Vol. 46, No. 3 April 2009 .pdf version
INSIDE THIS ISSUE ...
Jerardi: Plenty of issues to discuss
Mitch: Demise of newspapers a hot topic
Burwell: Negate networks' special access
Griffin wins Oscar Robertson Trophy
Kansas' Self wins Henry Iba Trophy
Paquette receives Katha Quinn Award
Most Courageous is cancer survivor
Izzo is fitting Good Guy Award winner
Bozich, McCann, Axthelm feted

Bryan Burwell

Negate networks' special access by outworking them

By BRYAN BURWELL / St. Louis Post-Dispatch
bburwell@post-dispatch.com

When it comes to the business of sports journalism, one of the most valuable assets to our jobs is access.

The most annoying fact of life is that some people get it and others don't. It is one of the biggest and most annoying issues in our business because too often, that access is dealt to reporters on an unbalanced and not so arbitrary scale.

The fact of our lives is that TV networks are going to get things given to them. They will get players who are supposed to be unavailable. They are going to talk to people who don't usually talk. A reporter from a network is going to make a phone call to talk to a big whale, and the whale will prefer their brand name over the unknown newspaper guy with no national profile.

And every time something like this happens, it frosts every ink-stained wretch who ever sat in front of a laptop to do their job instead of standing in front of a minicam.

Well, let me be the first to deliver some bad news: When it comes to access, TV is king, and no amount of complaining about it is going to drastically change that unbalanced hand.

Broadcast partnerships are going to have privileges, and one of them is going to be the easy instant access that print foot soldiers will always have to fight for. That's not going to change, no matter how many angry letters, emails for formal protests the USBWA writes to the schools, the coaches or the NCAA. When CBS, ESPN or any of the regional networks write large checks to broadcast college basketball, they are going to get that special access.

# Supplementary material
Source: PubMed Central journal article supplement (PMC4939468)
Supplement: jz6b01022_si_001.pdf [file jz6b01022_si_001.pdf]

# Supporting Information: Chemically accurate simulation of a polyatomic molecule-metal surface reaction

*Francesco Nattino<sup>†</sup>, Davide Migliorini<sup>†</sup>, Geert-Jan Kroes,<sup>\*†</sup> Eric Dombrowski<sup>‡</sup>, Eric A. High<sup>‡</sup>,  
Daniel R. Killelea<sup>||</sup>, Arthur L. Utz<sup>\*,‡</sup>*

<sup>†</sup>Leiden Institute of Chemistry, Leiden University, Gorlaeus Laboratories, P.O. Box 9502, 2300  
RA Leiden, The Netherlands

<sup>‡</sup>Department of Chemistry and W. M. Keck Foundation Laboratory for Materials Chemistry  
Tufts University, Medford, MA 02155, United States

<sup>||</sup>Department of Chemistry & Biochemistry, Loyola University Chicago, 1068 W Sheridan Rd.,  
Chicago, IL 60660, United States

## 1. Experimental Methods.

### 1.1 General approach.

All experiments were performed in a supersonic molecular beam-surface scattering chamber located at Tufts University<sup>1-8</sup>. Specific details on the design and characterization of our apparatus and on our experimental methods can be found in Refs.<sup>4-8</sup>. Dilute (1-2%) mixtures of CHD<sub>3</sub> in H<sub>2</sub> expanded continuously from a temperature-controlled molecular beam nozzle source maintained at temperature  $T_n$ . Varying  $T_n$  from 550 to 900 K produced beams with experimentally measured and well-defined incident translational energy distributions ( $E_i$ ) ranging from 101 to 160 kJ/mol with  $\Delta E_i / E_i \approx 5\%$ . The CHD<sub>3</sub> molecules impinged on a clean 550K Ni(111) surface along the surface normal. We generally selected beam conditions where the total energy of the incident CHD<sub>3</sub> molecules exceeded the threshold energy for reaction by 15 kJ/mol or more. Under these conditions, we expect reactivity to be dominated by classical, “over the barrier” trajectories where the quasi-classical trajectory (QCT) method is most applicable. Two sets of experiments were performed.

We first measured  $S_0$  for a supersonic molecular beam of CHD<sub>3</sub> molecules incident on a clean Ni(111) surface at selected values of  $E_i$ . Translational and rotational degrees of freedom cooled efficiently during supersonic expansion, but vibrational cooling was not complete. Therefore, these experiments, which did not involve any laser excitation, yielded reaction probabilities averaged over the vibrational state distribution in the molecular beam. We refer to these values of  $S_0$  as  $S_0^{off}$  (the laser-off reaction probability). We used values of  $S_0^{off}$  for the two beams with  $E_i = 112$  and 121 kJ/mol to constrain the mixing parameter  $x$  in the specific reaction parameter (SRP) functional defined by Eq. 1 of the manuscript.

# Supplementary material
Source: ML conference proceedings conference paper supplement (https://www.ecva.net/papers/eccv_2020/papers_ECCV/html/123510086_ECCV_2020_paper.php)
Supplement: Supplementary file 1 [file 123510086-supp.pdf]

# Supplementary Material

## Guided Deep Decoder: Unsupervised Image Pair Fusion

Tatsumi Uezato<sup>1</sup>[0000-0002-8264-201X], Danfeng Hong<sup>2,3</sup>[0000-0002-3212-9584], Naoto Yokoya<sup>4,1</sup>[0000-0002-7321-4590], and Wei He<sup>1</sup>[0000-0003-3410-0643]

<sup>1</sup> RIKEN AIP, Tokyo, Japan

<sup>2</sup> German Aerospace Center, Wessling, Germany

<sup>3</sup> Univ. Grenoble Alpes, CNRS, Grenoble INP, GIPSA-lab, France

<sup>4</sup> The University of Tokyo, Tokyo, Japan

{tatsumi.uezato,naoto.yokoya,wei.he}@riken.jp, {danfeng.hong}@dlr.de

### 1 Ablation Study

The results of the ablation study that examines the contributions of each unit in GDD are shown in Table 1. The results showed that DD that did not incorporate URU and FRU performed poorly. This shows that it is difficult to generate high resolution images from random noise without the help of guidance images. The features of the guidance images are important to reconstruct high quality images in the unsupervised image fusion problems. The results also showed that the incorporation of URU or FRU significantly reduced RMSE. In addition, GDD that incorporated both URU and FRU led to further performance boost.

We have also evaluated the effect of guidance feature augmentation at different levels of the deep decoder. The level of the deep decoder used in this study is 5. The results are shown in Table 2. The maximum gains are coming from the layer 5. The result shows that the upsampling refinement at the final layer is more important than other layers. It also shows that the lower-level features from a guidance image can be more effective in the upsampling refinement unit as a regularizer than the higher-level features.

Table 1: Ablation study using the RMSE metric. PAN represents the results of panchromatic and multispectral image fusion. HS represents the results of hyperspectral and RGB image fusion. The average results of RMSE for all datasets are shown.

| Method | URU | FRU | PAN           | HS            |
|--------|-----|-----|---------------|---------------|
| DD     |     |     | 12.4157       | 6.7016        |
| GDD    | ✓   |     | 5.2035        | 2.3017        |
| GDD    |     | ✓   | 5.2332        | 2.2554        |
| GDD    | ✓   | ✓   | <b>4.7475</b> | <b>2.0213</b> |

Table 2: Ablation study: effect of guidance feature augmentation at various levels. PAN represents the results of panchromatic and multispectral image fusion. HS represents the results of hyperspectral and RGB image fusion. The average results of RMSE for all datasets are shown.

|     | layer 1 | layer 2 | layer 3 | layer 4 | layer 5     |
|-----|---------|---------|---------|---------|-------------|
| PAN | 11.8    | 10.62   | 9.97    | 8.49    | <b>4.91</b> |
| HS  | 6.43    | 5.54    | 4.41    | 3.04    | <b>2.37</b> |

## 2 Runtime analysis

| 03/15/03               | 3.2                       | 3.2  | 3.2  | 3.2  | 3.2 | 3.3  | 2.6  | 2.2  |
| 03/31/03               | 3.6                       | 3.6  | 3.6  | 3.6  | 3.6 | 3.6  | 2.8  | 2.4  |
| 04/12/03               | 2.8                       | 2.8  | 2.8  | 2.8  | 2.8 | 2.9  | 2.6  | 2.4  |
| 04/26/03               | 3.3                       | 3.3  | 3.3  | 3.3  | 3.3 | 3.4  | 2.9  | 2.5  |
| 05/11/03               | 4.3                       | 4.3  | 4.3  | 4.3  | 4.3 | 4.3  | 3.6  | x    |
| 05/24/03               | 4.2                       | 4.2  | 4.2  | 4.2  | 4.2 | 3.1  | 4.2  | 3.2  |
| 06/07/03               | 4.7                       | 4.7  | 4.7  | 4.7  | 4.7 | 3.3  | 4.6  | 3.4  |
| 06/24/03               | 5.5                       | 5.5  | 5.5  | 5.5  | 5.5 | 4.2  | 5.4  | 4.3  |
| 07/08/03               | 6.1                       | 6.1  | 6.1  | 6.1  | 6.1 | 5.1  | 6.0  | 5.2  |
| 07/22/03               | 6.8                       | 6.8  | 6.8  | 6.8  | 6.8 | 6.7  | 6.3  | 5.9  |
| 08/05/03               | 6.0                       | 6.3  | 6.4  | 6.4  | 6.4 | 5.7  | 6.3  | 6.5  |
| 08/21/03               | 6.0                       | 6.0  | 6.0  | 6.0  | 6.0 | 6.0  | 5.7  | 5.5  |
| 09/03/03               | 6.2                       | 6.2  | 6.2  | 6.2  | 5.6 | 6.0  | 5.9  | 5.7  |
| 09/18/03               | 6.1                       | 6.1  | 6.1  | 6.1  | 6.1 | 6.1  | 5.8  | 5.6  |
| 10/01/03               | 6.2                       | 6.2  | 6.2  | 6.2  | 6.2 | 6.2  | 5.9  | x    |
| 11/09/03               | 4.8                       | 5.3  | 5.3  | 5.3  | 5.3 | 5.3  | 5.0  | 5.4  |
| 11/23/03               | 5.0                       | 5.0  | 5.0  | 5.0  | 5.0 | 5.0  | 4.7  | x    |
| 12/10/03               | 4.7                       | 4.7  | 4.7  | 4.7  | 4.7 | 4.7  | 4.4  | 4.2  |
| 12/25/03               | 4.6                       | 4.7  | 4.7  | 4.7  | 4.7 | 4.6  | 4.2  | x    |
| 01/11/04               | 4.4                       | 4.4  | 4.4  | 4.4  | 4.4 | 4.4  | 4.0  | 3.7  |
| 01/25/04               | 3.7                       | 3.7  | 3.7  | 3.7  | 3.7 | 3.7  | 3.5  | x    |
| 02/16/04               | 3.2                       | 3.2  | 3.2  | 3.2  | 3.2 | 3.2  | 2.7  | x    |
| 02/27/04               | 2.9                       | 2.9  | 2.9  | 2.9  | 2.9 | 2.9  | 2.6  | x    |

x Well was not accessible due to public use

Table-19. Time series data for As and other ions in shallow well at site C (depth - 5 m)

And while our organization will and should continue to fight to narrow the gap in the access between TV and print, here's something we need to stress with equal zest to our membership.

Don't forget to do your part in this battle to narrow the access gap.

The old-school members of our organization already know this. Before TV was the beast that ate our access, it was the dreaded "national media."

Or maybe it was the old guy on the beat who knew all the coaches and A Ds, or it was the guy who worked for the major newspaper in the area. In our business, someone is always going to get more access. That's just how it works.

I am the perfect guy to have this conversation, because I have worked in print, TV and radio. I have written for papers as large as USA Today and the Sporting News and as small as the Manassas (Va.) Journal-Messenger. I've been a young beat guy and an old columnist, a "national media guy" and a local grunt working for a 15,000-circulation daily. I have gotten the perks of media access that comes with working for HBO, CNN, T NT and ESPN. Trust me, I have been on all sides of this access dilemma.

I have benefited grandly from it and suffered greatly because of it. And here's the best bit of advice I can offer from all these experiences.

Ultimately, you have more control over this than you might believe.

Work on your relationships. Figure out what your advantage is as a reporter and work it hard. Everyone has an advantage if they're only smart enough to figure out what it is.

I am an old veteran in the business now, so I get good access. When I worked for TNT as a TV sideline reporter on the network's NBA telecasts, Michael Jordan would be escorted into a reserved room in the United Center before a big playoff game and sat down to tape a pre-game interview. MJ didn't make it a habit of doing pregame interviews for the most part, but the power of TNT's brand had special powers.

But I got similar access before I was a TV guy, too.

It's because I worked those relationships and worked them hard.

If you can't get it from the sports-information guy, then get it directly from the source. T he battle for access versus television is no different than the battle an inexperienced beat writer faces when going against an established veteran with a ton of well-developed sources.

If you feel like TV is getting special treatment from the school, the conference or the NCAA, find another way to get the information. If you're a beat writer worth anything, you should have already established some sort of relationship with the players. Text them, call them, call their parents, their girl friends, their cousin's barber.

Just get the damned information.

No one said it was going to be easy or fair.

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